I hate when people stretch the truth … a little or a lot.
Doug Powell, a Kansas State University food safety professor and author of one of my must-read e-newsletters, has a term for that. He issues “nose-stretcher alerts” when people toy with the truth or manipulate statistics.
Let me borrow from Powell and issue a couple of nose-stretcher alerts of my own.
Going loco … or is it local?
Please tell me what “locally grown” means. It seems every retailer has a different definition, and most don’t spell it out.
I was in a major northern California chain in early June that had signage promoting “locally grown grapes.” I must have uttered something under my breath questioning the local designation, because a produce department employee came over and acknowledged that they don’t grow table grapes in Modesto, Calif., where I live.
I pointed out that at that moment, the closest district shipping was Arvin, which was about 225 miles south. He said he was just following company policy.
Even a further stretch were the avocados I saw in a Modesto Walmart in September tagged as “locally grown” and carrying a Mission Produce decal. My hunch is they were probably grown somewhere around Oxnard, Calif., about 320 miles from Modesto.
Being a tropical crop, they’d never survive a Central Valley winter with the occasional 25-degree freezes.
I’m sure many shoppers probably don’t have the foggiest idea where table grapes and avocados are grown.
Eventually, the locally grown moniker will be so used and abused that it will lose much of its cache and become just another hollow marketing term, like “new and improved.”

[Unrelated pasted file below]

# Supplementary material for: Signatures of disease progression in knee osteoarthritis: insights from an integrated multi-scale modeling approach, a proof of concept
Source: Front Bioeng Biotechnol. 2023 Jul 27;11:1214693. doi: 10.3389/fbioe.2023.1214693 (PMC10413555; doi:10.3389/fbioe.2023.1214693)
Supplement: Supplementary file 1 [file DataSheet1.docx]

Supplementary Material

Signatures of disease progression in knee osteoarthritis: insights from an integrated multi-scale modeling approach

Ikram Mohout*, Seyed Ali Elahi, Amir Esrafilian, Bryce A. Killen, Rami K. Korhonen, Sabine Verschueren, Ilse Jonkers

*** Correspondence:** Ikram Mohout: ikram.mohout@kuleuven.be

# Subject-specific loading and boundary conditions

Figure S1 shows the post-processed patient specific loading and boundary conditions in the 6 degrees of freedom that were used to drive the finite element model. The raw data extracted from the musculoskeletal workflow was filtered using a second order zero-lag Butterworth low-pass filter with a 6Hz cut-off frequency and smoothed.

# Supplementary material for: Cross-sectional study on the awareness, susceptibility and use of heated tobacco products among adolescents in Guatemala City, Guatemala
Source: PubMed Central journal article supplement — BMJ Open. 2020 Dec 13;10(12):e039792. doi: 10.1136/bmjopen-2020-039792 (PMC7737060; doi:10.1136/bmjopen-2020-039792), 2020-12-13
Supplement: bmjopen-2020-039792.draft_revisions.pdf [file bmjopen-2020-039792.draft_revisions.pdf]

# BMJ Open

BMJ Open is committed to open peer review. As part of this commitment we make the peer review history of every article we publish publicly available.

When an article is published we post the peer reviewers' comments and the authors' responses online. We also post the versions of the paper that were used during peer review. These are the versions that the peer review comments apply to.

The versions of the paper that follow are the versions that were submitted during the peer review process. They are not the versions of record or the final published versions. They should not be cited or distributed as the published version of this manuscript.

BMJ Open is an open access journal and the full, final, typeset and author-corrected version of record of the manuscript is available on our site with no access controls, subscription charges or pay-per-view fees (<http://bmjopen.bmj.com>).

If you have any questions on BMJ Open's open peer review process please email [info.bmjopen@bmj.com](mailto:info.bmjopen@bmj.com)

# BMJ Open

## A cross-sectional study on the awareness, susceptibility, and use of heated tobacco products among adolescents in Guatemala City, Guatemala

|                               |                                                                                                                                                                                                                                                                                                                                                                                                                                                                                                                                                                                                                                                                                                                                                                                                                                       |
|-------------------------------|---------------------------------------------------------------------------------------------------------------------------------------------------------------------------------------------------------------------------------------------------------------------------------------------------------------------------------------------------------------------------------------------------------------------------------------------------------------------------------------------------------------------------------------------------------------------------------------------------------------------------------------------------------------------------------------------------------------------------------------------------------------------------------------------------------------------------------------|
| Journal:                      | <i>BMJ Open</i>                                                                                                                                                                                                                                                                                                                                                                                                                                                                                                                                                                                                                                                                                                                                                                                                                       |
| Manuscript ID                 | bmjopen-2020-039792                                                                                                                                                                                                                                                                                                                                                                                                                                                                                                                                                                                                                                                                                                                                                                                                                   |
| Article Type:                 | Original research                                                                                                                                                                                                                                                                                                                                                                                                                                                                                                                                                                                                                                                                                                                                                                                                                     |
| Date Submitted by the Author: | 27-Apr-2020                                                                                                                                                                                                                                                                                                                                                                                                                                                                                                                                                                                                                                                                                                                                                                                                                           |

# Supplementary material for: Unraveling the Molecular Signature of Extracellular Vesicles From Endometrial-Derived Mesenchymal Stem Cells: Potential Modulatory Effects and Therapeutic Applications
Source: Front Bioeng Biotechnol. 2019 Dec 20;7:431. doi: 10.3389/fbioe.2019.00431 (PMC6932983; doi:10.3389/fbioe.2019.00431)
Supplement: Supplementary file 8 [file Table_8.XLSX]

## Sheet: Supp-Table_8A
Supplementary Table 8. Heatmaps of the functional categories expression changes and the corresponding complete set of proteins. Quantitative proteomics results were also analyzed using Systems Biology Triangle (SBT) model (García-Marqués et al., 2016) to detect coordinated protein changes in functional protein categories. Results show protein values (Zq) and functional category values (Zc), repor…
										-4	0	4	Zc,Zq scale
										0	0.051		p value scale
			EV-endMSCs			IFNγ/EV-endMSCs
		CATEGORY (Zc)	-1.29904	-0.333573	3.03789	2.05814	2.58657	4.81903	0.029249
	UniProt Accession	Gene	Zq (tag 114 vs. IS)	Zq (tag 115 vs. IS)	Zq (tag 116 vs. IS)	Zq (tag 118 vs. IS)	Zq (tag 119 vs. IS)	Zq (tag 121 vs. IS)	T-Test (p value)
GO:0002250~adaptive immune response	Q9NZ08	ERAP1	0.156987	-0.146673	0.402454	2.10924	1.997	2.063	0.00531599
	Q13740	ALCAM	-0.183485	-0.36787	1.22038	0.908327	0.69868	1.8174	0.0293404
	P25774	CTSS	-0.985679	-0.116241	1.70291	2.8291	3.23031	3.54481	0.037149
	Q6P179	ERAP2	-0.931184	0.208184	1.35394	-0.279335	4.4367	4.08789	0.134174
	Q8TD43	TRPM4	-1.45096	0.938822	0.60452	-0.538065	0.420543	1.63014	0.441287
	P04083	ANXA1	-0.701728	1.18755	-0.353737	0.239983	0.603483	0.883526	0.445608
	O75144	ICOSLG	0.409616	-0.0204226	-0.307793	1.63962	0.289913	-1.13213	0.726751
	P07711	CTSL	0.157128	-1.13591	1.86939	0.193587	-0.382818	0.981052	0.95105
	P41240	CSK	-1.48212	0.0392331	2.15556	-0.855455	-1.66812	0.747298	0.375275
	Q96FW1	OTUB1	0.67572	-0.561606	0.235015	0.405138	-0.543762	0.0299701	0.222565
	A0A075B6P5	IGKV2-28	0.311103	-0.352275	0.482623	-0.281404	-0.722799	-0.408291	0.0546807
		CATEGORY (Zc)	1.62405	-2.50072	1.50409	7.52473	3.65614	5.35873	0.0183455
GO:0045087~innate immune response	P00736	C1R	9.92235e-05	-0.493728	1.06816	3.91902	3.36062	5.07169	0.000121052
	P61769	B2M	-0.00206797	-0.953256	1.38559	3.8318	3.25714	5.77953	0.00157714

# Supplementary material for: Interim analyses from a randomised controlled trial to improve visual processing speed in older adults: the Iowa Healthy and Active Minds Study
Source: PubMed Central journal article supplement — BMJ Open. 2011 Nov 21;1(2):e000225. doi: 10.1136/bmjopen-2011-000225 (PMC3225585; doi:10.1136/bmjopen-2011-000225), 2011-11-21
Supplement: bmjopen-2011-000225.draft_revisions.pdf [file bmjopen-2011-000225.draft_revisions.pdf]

I’m not dead set against the term local. Just put it in perspective. A good example was a September 2011 tomato display in the Fort Collins, Colo., Whole Foods: “Honeyacre tomatoes, Wiggins, Colo., 70 miles away.”
No confusion there.
This summer while shopping in a Modesto’s Raley’s supermarket, the produce manager was excited about a new fruit the store would have on ad the following week, a plumogranate. I asked if it was a cross between a plum and pomegranate. He said he thought so but didn’t know much more about it.
How could breeders cross a member of the prunus family with one from the punicaceae family? The stone fruit and pomegranate families are not very closely related, and my armchair biology told me it probably couldn’t be done using conventional breeding techniques.
So I waited until the plumogranate came on ad and visited Raley’s again, wanting to see what I imagined was a plum with lots of tiny arils, or seed casings, inside.
It turns out the plumogranate is a plumcot, or plum-apricot cross, that is touted as having the antioxidants of a pomegranate.
The Food and Drug Administration has cracked down on fish fraud — such as calling sablefish black cod, since it’s not a member of the codfish family, or calling rockfish Pacific snapper, since it’s not snapper.
Maybe the FDA needs to crack down on fruit fraud, too.
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